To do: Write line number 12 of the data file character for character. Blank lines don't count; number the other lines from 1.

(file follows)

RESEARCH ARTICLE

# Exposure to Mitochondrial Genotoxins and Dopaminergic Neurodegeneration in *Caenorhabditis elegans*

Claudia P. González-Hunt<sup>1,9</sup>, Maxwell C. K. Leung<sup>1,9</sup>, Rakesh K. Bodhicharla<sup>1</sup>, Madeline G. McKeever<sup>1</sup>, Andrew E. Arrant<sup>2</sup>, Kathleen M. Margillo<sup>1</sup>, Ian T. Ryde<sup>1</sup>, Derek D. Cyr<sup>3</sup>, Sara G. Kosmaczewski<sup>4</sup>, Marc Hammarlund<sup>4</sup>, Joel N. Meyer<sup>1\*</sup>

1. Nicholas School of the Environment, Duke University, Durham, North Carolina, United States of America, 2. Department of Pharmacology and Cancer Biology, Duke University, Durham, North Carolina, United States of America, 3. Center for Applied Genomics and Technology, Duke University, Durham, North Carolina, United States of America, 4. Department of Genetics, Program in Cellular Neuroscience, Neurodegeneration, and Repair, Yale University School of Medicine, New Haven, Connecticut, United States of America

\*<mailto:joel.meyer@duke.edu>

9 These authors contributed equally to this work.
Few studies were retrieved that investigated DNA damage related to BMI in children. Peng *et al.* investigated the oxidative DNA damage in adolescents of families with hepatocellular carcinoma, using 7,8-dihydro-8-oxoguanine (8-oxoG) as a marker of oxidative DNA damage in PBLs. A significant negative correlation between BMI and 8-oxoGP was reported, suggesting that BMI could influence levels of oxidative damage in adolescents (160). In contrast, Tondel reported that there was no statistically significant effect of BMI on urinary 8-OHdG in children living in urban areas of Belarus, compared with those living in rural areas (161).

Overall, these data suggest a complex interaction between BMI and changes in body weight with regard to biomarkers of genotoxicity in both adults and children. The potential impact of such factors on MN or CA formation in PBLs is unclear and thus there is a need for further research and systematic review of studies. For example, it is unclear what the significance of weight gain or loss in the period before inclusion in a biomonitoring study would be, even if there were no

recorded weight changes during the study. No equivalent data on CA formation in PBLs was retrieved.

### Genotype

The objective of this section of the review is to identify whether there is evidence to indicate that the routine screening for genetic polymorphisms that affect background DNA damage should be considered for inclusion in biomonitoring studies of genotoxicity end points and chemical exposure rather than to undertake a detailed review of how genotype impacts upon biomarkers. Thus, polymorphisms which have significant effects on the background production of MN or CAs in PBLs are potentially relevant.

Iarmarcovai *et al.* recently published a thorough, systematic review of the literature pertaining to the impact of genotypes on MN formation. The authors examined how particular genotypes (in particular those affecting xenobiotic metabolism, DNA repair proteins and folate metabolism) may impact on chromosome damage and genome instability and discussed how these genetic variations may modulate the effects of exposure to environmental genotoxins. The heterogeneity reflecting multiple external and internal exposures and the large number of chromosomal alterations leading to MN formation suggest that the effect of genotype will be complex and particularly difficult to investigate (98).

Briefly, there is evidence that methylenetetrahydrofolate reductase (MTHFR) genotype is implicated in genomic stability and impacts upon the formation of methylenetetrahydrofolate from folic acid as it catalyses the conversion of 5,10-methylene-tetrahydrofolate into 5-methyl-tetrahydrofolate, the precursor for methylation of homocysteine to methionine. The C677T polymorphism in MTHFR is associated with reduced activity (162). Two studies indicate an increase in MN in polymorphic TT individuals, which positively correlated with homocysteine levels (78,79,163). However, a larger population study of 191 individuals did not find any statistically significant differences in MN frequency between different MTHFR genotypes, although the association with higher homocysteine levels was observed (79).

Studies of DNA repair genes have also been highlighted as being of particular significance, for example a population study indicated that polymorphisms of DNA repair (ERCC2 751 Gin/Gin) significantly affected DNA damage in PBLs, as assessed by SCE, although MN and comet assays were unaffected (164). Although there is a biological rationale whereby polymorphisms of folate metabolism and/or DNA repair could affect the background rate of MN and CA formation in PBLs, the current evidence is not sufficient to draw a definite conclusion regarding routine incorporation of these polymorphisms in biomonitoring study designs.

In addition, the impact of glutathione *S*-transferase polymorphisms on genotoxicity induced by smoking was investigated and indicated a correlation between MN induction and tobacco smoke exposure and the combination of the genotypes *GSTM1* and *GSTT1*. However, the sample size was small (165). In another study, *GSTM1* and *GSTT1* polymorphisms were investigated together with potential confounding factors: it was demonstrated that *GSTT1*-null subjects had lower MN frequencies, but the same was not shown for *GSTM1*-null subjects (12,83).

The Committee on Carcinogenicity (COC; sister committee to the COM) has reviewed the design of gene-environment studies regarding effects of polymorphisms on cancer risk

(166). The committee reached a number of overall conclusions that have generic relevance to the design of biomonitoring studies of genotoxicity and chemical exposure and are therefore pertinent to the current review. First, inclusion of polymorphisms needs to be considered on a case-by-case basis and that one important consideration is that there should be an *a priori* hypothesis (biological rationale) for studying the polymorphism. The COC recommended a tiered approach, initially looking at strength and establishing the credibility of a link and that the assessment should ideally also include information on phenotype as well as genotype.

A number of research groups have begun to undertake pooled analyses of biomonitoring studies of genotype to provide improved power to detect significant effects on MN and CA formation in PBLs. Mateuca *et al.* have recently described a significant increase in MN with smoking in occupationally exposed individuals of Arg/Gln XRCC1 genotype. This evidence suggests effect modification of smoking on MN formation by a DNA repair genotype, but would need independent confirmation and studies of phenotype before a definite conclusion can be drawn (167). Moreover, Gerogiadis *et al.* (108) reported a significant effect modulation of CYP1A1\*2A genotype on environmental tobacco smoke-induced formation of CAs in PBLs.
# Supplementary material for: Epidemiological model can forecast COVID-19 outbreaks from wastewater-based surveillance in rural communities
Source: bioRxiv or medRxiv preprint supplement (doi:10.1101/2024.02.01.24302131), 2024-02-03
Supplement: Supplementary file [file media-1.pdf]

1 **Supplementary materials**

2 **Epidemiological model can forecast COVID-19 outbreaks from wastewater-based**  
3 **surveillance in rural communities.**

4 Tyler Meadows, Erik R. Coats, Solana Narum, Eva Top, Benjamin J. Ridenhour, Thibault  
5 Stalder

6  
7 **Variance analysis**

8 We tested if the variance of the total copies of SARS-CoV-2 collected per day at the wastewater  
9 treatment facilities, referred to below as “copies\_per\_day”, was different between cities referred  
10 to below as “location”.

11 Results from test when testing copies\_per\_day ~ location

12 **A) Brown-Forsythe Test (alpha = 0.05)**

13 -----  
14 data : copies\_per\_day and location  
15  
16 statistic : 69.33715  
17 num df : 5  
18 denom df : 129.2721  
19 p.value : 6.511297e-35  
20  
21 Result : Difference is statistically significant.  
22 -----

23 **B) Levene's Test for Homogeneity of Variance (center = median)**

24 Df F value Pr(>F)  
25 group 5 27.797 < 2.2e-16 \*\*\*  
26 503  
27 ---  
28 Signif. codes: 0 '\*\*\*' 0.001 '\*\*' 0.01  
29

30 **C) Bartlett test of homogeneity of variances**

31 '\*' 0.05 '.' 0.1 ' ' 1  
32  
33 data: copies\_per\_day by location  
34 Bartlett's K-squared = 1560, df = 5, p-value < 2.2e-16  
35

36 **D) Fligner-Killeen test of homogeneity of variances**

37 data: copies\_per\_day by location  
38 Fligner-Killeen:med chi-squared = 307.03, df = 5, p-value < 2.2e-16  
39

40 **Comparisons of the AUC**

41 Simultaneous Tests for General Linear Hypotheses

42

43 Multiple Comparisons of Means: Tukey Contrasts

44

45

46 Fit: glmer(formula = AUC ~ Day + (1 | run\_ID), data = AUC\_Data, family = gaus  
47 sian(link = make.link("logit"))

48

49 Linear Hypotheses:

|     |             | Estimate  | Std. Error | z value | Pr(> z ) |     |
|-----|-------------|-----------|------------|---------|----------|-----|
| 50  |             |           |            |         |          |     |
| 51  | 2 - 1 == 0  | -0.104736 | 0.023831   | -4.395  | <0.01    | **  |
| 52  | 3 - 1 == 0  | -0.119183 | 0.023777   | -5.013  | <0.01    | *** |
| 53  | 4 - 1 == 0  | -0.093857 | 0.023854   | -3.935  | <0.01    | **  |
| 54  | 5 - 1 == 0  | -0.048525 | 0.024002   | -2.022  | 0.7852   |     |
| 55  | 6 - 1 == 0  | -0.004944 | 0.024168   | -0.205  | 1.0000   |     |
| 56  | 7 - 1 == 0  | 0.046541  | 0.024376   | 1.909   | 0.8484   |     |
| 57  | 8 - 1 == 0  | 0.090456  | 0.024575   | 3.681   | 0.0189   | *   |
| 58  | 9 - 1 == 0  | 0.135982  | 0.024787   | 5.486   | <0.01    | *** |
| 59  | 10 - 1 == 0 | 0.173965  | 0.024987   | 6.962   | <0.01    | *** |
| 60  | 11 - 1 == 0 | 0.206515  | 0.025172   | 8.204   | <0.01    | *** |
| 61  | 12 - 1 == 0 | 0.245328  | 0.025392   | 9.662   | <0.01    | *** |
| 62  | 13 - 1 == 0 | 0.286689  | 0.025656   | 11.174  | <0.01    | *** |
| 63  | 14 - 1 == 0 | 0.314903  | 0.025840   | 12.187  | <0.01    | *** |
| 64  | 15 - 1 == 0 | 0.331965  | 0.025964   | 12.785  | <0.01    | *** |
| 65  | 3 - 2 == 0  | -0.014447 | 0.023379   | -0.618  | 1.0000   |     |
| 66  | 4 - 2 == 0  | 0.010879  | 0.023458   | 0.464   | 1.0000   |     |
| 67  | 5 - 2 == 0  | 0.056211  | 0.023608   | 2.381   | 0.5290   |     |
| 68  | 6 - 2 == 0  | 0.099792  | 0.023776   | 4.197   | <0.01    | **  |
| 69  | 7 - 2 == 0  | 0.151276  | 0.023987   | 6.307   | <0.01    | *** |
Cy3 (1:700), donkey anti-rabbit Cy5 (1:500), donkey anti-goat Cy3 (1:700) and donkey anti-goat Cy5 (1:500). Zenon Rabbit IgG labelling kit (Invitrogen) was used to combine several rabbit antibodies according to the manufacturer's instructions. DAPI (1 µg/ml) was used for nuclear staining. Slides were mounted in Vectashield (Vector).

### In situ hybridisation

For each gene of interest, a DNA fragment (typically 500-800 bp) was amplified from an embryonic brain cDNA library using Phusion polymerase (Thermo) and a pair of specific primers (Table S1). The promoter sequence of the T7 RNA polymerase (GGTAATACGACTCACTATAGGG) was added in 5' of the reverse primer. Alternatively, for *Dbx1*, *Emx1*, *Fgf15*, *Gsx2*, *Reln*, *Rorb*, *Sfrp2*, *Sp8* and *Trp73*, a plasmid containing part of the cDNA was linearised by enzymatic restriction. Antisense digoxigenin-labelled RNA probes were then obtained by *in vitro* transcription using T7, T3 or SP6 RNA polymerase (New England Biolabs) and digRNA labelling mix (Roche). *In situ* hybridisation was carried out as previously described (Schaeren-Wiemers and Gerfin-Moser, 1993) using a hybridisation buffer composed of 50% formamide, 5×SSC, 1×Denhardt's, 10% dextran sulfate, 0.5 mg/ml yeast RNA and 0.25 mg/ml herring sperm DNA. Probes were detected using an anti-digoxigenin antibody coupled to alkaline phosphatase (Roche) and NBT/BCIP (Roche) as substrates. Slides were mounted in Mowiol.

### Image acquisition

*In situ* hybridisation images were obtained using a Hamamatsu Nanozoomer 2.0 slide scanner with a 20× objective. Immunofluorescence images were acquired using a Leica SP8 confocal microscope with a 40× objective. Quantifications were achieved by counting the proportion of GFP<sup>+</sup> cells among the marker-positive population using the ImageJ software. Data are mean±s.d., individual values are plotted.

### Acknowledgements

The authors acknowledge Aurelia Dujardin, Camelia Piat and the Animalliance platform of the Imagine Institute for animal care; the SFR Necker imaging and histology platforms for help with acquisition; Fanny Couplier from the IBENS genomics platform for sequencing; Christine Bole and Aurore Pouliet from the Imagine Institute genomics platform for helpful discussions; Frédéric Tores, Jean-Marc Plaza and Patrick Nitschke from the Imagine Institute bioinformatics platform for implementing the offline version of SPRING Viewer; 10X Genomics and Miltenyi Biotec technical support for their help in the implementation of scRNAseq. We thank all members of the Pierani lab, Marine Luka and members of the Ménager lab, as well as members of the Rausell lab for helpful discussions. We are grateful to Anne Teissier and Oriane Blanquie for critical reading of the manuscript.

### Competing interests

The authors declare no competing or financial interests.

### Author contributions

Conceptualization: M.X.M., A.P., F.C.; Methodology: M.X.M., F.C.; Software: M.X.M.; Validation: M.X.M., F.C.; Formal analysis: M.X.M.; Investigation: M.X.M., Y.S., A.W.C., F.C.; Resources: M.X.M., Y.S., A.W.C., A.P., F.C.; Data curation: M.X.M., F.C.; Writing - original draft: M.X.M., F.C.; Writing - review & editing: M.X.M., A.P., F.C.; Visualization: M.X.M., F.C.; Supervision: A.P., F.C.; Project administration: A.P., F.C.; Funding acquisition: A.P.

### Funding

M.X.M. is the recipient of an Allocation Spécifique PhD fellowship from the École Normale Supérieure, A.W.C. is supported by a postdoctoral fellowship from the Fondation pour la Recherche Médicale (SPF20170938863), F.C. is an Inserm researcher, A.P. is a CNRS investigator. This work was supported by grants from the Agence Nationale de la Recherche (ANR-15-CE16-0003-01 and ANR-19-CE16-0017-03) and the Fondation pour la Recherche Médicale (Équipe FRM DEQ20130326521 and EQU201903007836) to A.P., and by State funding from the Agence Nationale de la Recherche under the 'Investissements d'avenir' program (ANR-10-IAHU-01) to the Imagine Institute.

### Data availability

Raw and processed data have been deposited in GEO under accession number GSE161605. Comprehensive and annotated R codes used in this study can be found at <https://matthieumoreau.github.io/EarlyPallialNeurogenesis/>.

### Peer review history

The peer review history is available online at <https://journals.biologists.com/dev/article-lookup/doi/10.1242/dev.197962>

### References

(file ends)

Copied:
Iarmarcovai *et al.* recently published a thorough, systematic review of the literature pertaining to the impact of genotypes on MN formation. The authors examined how particular genotypes (in particular those affecting xenobiotic metabolism, DNA repair proteins and folate metabolism) may impact on chromosome damage and genome instability and discussed how these genetic variations may modulate the effects of exposure to environmental genotoxins. The heterogeneity reflecting multiple external and internal exposures and the large number of chromosomal alterations leading to MN formation suggest that the effect of genotype will be complex and particularly difficult to investigate (98).